My English Language Learners have always been so quiet and self conscious to speak. No matter what I tried, I felt like they would not open up or share their ideas to the whole class. When I joined RPIA, I decided to focus on student voice and bring restorative practices to my classroom to help get my students talking.
I reflected a lot with my RPIA Cohort Members about why they might be so quiet and how I could get them to open up. Little did I know that, with all of the strategies I had planned, the one that had the most immediate impact was sitting down with them while I was teaching. I did not realize until being in RPIA that I was always standing up while teaching them rather than learning alongside them, and that this simple change in my teaching could restore their sense of equality and voice.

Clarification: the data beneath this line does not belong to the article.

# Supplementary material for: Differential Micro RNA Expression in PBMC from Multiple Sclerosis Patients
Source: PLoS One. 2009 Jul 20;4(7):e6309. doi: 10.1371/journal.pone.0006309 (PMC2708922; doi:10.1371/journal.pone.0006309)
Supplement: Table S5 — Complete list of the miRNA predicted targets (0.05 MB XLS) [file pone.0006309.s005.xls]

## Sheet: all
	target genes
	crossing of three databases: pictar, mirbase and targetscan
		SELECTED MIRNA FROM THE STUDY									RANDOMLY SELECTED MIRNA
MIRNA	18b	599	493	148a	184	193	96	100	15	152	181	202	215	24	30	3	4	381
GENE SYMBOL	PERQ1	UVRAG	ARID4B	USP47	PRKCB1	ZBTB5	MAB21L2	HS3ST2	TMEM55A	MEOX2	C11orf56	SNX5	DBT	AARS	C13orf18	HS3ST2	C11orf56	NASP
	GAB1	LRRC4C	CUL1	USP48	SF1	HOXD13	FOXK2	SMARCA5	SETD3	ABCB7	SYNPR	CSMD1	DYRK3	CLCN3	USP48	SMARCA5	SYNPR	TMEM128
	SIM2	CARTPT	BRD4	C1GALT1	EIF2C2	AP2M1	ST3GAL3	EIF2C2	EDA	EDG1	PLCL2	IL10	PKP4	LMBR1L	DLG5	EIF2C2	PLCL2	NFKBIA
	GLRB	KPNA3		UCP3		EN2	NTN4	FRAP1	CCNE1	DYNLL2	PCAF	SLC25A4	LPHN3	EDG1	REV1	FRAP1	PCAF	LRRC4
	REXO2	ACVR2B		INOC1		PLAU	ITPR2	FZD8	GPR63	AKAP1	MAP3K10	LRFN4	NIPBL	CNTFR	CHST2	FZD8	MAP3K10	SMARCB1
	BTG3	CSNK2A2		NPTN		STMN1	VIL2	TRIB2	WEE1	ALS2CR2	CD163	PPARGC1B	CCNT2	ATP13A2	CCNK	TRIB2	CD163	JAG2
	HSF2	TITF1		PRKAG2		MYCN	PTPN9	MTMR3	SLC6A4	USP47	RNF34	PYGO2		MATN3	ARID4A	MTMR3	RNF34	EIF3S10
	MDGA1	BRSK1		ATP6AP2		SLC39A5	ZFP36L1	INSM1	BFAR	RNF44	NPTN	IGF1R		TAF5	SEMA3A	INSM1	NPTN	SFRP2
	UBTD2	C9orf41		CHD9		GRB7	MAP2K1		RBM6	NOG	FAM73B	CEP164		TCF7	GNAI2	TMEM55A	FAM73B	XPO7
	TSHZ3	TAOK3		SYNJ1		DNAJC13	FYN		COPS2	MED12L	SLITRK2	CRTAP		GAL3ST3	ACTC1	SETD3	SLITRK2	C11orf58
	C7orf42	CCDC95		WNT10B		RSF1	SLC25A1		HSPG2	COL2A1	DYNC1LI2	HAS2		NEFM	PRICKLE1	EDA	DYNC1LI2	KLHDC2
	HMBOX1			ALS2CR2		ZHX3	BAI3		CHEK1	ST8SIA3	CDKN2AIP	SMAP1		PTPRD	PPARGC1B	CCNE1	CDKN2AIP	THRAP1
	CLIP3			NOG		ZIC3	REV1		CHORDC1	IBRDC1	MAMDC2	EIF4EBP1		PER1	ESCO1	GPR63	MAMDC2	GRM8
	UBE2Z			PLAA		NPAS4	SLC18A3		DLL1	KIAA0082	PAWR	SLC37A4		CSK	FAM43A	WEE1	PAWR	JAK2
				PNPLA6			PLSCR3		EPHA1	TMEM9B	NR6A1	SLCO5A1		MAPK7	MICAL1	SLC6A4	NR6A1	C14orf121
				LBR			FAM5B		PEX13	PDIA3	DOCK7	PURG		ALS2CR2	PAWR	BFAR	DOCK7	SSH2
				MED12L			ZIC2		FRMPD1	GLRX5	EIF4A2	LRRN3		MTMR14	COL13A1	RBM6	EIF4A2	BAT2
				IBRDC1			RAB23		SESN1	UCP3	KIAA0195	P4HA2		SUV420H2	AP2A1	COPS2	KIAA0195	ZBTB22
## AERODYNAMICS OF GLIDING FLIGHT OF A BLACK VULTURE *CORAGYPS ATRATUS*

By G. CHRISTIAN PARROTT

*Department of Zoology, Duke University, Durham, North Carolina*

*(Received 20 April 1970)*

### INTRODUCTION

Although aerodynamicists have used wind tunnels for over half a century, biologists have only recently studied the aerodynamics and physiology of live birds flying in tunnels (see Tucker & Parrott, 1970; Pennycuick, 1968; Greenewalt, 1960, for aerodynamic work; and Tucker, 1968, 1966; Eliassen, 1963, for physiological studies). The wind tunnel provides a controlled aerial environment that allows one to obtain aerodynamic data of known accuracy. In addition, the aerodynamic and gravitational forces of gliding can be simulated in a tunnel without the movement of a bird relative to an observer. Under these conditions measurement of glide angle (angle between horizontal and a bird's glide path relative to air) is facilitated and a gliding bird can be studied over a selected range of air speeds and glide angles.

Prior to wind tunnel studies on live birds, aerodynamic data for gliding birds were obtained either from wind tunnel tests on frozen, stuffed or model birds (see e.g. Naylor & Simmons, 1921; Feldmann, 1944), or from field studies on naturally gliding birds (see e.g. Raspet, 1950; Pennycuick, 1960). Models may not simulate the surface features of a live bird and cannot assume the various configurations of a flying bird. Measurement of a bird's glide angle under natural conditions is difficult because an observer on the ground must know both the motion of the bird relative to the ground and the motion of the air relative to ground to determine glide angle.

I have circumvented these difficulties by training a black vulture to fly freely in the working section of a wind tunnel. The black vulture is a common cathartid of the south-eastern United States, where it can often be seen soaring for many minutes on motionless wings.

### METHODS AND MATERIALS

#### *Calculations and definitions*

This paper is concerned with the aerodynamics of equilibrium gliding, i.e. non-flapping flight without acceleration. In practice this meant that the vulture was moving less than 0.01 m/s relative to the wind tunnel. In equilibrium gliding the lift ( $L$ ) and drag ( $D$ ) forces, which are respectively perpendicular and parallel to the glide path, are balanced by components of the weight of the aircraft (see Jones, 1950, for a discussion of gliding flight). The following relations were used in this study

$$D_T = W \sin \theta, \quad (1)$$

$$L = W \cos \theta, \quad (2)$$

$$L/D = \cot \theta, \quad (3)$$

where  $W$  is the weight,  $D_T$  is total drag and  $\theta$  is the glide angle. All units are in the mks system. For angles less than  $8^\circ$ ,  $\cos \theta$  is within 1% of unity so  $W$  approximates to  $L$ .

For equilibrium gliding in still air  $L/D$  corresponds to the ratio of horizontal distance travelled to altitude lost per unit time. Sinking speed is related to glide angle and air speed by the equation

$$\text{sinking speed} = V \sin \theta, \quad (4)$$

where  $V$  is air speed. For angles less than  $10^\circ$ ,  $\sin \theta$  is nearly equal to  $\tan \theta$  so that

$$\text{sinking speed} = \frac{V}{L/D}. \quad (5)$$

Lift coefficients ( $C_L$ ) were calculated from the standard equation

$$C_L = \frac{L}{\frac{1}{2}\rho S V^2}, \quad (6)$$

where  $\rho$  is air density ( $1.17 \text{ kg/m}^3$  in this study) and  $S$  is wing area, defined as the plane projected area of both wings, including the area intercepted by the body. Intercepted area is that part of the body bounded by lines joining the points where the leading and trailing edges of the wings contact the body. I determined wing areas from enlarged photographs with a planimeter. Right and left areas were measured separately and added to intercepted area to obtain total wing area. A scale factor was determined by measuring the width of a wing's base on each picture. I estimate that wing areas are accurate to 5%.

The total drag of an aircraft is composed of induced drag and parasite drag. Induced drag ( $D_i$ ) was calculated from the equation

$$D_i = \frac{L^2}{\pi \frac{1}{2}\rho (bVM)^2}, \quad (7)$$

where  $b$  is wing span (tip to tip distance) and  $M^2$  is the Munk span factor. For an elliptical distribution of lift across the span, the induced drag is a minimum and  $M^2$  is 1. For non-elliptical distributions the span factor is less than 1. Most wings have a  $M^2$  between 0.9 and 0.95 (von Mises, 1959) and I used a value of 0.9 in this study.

As soon as I sat with them like an equal classroom community member to teach content, they started opening up and sharing more than I have ever heard them share before, even trying out new English words and phrases for the first time! While I am now bringing in more restorative practices to keep this positive impact growing, I had no idea how transformative it would be to sit down next to my students while I teach them. Now they are open to so much more and using their voices!